You wouldn't necessarily expect a seed and chemical firm to have a fleet of machinery, however, Monsanto Company maintains an impressive mass of machines.
For putting in research plots, Monsanto employs custom-designed plot planters. The planters don't require dumping extra seed, switching row spacing or recalibrating for population changes. The plot protocols are laid out and delivered via a computer and GPS mapping.
As for harvesting the research plots, the company uses more than 50 harvesting machines to collect its seed plot data from millions of plots across the U.S. Combines, such as the twin-row New Holland (pictured) can harvest an average plot in 10 seconds all while collecting many thousands of data points. The high-tech combines can cost up to $500,000 and are outfitted with state-of-the-art data collection tools. For example, a twin-plot combine harvests research data in double-time by simultaneously taking out two side-by-side research plots.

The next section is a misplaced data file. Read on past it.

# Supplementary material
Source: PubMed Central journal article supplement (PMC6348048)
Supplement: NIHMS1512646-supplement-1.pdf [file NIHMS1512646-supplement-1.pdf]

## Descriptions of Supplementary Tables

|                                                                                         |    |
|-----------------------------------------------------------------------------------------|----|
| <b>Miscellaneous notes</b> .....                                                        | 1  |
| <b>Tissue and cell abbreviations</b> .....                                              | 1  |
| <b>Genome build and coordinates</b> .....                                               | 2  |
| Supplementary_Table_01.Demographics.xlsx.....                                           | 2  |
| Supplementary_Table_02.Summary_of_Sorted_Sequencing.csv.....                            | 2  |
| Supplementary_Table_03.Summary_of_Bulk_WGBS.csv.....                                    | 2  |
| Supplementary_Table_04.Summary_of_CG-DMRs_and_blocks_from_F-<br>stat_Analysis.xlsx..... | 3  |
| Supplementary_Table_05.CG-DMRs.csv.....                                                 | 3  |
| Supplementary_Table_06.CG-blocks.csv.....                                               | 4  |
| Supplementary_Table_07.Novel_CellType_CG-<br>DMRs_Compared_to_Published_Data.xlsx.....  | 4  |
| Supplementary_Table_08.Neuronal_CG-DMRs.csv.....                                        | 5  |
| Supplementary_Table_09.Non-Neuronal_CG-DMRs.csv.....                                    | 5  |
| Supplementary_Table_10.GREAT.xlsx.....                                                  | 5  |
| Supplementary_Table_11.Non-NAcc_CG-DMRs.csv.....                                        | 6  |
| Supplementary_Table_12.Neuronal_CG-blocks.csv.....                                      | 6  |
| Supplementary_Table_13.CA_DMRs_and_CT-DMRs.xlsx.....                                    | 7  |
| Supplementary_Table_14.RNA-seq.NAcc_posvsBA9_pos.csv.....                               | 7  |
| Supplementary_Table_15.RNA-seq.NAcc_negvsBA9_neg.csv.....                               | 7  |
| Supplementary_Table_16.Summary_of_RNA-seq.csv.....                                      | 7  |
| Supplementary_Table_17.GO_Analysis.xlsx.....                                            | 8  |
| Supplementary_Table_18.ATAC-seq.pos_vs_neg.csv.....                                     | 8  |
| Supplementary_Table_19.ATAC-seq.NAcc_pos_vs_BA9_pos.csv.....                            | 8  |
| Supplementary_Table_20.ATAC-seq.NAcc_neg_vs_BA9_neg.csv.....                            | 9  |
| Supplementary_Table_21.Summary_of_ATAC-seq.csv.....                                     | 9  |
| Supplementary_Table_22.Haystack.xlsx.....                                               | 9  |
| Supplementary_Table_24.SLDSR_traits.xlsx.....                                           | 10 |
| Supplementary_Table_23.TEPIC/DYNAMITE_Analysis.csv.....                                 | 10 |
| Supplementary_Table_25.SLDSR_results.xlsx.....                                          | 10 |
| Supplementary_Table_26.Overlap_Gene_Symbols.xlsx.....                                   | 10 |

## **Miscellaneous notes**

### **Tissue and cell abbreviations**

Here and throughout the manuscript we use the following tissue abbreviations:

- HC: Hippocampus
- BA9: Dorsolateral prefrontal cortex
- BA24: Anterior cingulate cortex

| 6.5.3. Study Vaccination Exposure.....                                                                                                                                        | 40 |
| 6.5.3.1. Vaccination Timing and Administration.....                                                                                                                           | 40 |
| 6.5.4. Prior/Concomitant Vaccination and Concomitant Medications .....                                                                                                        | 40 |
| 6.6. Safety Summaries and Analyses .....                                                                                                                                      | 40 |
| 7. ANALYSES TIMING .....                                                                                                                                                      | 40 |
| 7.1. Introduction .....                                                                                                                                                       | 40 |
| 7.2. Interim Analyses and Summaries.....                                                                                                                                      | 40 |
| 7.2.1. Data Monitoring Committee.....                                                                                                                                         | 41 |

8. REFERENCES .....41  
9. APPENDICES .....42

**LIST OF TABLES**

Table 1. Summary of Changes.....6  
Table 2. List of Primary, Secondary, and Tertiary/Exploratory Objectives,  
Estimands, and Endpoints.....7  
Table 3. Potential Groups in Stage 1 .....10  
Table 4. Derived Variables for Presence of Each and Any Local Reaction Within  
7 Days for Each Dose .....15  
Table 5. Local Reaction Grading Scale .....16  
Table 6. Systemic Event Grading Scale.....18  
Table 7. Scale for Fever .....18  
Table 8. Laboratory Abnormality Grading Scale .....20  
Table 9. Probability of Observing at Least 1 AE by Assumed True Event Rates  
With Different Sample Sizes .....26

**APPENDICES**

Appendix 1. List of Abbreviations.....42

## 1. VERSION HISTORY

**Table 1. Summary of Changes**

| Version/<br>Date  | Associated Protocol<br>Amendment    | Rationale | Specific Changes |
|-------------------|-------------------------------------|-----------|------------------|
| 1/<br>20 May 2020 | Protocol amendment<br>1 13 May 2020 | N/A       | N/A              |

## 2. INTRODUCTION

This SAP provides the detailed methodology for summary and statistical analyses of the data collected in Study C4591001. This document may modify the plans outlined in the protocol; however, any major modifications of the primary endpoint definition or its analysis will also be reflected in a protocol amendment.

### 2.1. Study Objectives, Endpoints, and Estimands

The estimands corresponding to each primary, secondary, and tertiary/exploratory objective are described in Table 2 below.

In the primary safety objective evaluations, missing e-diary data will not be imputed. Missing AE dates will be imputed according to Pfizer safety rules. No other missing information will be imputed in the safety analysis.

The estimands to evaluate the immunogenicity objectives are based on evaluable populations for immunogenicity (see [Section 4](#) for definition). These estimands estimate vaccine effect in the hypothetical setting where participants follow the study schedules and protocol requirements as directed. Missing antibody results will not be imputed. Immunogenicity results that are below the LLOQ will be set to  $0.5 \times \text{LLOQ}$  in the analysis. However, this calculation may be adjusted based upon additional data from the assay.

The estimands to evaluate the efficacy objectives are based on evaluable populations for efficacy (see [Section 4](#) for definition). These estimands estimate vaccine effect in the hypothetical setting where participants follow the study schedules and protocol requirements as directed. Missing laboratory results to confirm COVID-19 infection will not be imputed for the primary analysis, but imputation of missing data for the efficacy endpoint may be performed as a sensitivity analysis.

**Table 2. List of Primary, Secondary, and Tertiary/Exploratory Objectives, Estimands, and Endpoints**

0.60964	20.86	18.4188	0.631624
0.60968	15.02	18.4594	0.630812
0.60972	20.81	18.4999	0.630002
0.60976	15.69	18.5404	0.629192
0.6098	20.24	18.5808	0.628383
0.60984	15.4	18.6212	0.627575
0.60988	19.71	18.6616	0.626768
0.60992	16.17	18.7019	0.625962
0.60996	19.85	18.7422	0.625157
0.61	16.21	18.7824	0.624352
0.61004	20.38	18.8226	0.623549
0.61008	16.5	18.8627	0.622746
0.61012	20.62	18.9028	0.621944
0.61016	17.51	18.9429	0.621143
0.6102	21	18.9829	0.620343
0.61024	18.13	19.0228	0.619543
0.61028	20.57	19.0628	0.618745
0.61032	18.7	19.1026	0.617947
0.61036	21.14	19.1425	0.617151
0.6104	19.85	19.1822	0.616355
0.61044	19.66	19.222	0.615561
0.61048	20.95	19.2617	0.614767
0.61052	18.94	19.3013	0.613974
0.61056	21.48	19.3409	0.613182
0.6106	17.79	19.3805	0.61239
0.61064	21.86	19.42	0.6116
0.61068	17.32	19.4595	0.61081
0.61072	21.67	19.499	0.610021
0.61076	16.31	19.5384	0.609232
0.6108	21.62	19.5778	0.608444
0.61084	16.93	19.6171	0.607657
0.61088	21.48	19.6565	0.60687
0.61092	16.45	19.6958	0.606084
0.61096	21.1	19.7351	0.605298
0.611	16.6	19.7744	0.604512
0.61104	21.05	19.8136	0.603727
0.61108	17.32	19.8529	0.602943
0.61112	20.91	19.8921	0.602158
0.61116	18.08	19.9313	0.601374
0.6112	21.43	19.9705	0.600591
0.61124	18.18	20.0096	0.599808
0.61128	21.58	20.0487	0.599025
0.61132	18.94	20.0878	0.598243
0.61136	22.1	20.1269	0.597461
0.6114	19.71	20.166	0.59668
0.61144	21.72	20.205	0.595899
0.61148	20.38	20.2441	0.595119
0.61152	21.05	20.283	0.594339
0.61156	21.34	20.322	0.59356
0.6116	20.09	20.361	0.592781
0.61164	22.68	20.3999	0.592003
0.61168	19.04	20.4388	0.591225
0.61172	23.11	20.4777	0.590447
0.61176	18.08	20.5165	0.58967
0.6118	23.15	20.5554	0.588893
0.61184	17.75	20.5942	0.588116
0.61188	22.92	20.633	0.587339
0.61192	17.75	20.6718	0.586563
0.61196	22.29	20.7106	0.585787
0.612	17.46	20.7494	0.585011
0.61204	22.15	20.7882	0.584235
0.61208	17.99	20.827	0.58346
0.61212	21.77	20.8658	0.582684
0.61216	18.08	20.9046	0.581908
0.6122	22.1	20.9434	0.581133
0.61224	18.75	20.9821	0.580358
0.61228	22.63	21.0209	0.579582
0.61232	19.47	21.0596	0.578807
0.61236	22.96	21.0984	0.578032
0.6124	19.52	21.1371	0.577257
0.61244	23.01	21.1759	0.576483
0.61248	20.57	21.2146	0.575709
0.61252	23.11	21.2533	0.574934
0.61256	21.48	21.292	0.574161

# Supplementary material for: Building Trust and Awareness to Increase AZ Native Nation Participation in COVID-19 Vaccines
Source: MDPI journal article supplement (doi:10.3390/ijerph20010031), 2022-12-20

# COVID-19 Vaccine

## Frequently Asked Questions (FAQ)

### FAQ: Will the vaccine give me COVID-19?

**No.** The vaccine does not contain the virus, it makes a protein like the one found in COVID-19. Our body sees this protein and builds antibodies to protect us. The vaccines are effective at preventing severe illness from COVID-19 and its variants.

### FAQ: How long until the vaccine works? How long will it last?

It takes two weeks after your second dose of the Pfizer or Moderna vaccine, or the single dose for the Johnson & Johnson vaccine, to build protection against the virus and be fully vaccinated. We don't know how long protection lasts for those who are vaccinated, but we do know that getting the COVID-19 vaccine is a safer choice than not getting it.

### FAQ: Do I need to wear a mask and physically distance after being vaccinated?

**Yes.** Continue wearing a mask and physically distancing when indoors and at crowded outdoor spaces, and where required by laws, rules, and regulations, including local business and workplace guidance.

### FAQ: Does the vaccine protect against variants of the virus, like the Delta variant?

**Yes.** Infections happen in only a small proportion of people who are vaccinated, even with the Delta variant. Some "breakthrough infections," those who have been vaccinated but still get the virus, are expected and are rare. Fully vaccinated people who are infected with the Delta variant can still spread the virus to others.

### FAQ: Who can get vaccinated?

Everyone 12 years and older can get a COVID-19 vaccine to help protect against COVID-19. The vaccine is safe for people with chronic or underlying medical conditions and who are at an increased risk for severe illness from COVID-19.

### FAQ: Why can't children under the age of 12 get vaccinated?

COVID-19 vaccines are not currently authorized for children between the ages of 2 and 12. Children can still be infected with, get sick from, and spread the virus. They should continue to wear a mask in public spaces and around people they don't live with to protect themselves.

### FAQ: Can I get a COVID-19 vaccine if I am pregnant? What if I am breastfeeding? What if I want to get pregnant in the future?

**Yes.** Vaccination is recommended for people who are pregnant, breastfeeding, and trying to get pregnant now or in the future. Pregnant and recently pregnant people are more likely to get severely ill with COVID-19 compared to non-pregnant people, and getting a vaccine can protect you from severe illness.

The company says it is using the equipment for faster translation of research to commercial products. The more field testing the company has done, the higher the rate of success in finding the unique genotypes it is searching for.
For more information: www.monsanto.com.